For the prosecutors, Thomas F. Hueston.
For the respondents, Snevily & Ely (Robert S. Snevily, of counsel).
Before Justices Bodine, Heher and Wachenfeld.
The opinion of the court was delivered by
WACHENFELD, J. This writ brings up for review a zoning ordinance amendment of the Town Council of Westfield changing a certain tract of property from residence "A" zone to residence "B" zone. Under the general zoning ordinance the former is restricted to single-family dwellings. In residence "B" zone two additional types are authorized: two-family homes appearing as one-family houses and garden apartments not over two stories high, limited to ten families per unit, with set-back, area and certain other restrictions.
Application was made to the Town Council of Westfield by Breton Woods Corporation to erect a garden-type apartment on the premises in question, which at the time were in residence "A" zone. Hearings were held on the application, at which full opportunity was given to all wishing to be heard. Thereafter this amendment was passed changing the particular premises to residence "B" zone.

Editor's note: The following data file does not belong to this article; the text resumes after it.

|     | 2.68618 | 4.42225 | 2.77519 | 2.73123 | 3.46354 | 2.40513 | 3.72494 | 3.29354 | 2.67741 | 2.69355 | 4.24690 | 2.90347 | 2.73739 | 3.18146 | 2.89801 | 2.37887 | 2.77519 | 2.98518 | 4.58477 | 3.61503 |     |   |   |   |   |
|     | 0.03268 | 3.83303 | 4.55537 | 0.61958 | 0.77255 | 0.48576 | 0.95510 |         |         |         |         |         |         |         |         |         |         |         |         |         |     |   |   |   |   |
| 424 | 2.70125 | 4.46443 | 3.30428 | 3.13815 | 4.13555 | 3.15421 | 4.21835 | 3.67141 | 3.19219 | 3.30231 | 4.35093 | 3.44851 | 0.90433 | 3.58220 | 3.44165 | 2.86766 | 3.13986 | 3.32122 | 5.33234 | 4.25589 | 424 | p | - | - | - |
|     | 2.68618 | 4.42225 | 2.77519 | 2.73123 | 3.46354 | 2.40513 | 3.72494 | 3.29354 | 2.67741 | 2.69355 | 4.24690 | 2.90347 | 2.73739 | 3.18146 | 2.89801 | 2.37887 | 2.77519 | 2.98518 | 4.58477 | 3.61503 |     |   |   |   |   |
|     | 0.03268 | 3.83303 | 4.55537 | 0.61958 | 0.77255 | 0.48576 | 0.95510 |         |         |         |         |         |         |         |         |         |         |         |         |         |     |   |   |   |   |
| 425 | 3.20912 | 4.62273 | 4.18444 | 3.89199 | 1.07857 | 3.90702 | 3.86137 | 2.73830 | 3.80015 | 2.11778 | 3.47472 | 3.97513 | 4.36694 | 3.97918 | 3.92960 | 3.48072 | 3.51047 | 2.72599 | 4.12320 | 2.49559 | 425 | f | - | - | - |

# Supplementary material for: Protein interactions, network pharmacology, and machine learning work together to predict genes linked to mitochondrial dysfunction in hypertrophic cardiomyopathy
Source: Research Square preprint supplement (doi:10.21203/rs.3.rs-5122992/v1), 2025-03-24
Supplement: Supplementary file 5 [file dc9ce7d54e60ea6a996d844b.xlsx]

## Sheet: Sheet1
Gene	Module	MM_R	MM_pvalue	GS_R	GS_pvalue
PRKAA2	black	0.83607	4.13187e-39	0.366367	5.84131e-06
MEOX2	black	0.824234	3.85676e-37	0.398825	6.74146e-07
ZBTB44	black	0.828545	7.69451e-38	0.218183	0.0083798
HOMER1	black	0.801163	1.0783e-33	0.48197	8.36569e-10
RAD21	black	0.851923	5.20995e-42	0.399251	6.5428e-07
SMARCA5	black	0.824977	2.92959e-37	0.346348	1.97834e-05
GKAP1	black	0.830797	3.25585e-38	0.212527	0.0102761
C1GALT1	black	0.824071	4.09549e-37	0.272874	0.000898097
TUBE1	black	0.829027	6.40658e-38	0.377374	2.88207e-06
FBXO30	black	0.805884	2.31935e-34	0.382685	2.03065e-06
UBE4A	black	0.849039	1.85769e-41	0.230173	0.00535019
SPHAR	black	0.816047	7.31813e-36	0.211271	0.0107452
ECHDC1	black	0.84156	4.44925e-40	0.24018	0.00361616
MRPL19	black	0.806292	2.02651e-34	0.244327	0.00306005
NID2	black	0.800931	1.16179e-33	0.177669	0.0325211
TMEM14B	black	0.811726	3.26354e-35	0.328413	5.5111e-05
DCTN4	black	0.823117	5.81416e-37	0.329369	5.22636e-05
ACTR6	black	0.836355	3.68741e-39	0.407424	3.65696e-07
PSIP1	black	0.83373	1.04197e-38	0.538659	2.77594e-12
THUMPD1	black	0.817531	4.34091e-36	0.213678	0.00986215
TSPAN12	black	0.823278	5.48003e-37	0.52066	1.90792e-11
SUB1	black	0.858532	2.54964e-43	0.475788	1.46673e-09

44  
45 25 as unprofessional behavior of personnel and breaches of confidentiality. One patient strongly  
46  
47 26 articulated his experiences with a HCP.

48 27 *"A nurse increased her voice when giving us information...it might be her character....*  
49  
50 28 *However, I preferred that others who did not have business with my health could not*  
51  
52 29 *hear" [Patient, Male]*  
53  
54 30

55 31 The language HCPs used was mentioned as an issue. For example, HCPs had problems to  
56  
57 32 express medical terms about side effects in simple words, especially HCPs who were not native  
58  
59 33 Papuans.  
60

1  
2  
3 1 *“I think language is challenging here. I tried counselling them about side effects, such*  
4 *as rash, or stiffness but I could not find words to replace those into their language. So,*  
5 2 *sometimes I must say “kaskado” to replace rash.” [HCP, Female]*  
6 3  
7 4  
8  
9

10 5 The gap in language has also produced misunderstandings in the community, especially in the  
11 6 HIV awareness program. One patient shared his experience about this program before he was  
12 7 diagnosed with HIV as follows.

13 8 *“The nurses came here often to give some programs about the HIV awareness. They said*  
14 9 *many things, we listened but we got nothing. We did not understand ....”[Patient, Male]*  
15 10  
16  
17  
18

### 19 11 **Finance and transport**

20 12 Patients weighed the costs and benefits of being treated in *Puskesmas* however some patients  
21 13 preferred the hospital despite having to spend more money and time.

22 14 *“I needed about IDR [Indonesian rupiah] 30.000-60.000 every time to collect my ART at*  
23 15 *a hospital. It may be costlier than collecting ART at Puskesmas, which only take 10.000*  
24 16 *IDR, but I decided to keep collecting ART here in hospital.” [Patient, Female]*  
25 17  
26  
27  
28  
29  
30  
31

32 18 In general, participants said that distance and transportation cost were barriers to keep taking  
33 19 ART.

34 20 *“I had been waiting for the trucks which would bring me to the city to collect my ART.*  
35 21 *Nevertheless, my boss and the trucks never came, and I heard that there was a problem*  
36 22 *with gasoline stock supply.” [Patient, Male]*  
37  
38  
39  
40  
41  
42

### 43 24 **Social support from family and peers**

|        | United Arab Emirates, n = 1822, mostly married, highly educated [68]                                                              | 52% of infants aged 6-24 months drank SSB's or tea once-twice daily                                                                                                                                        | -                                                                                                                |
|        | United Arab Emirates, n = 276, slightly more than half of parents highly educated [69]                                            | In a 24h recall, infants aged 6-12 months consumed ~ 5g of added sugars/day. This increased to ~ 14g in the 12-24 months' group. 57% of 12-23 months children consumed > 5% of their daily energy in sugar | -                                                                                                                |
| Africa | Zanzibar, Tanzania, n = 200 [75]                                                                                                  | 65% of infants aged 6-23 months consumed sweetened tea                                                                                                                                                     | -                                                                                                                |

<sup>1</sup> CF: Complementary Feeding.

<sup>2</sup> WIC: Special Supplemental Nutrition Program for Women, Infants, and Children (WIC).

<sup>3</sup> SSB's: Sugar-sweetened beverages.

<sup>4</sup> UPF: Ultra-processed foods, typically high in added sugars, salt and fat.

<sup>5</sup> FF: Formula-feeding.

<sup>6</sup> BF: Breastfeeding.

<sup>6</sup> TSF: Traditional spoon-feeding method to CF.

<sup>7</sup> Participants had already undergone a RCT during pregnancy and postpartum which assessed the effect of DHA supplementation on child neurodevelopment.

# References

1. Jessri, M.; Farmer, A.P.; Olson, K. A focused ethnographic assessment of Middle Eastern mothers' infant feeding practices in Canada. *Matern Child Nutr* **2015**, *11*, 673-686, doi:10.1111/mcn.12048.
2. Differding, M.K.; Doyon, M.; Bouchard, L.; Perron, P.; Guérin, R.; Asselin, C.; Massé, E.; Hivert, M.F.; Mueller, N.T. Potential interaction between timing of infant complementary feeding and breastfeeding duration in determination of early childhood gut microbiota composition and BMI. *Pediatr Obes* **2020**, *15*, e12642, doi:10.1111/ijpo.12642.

The land in question comprises 11.6 acres of vacant, unimproved land bounded on the west by the line dividing Westfield from Scotch Plains, on the north by Brightwood Avenue, on the northeast by lots fronting on Embree Crescent, and on the southeast by lots fronting on Seneca Place. The surrounding area in Westfield is developed with one-family homes valued at different times between $5,000 and $14,000, while several blocks away there are homes valued up to $50,000. The neighboring area in Scoth Plains is zoned for residential and business uses.
The amendment was supported by many different groups. Thirteen property owners in the immediate vicinity, seven of whom almost abut the land in question, gave their approval. Various veteran organizations favored the change in order to alleviate the current housing shortage in the town. The local Board of Realtors approved the project. The Town Council
itself felt the erection of the garden apartments would establish an appropriate buffer against the less restricted uses of the neighboring township.
Opposition to the zoning amendment and development was voiced by a considerable number of residents of the neighborhood, some of whom live adjacent to the premises in question. They believed due to the large concentration of people and its transient nature property values would depreciate and the peace of the neighborhood would be disturbed.
Governing bodies of municipalities have been invested with power to enact general zoning regulations. R.S. 40:55-30. These regulations must be in accordance with a comprehensive plan to achieve specified purposes generally relating to the health, safety and general welfare of the community and with reasonable consideration to the character of each district, its peculiar suitability for particular uses, and with a view of conserving ...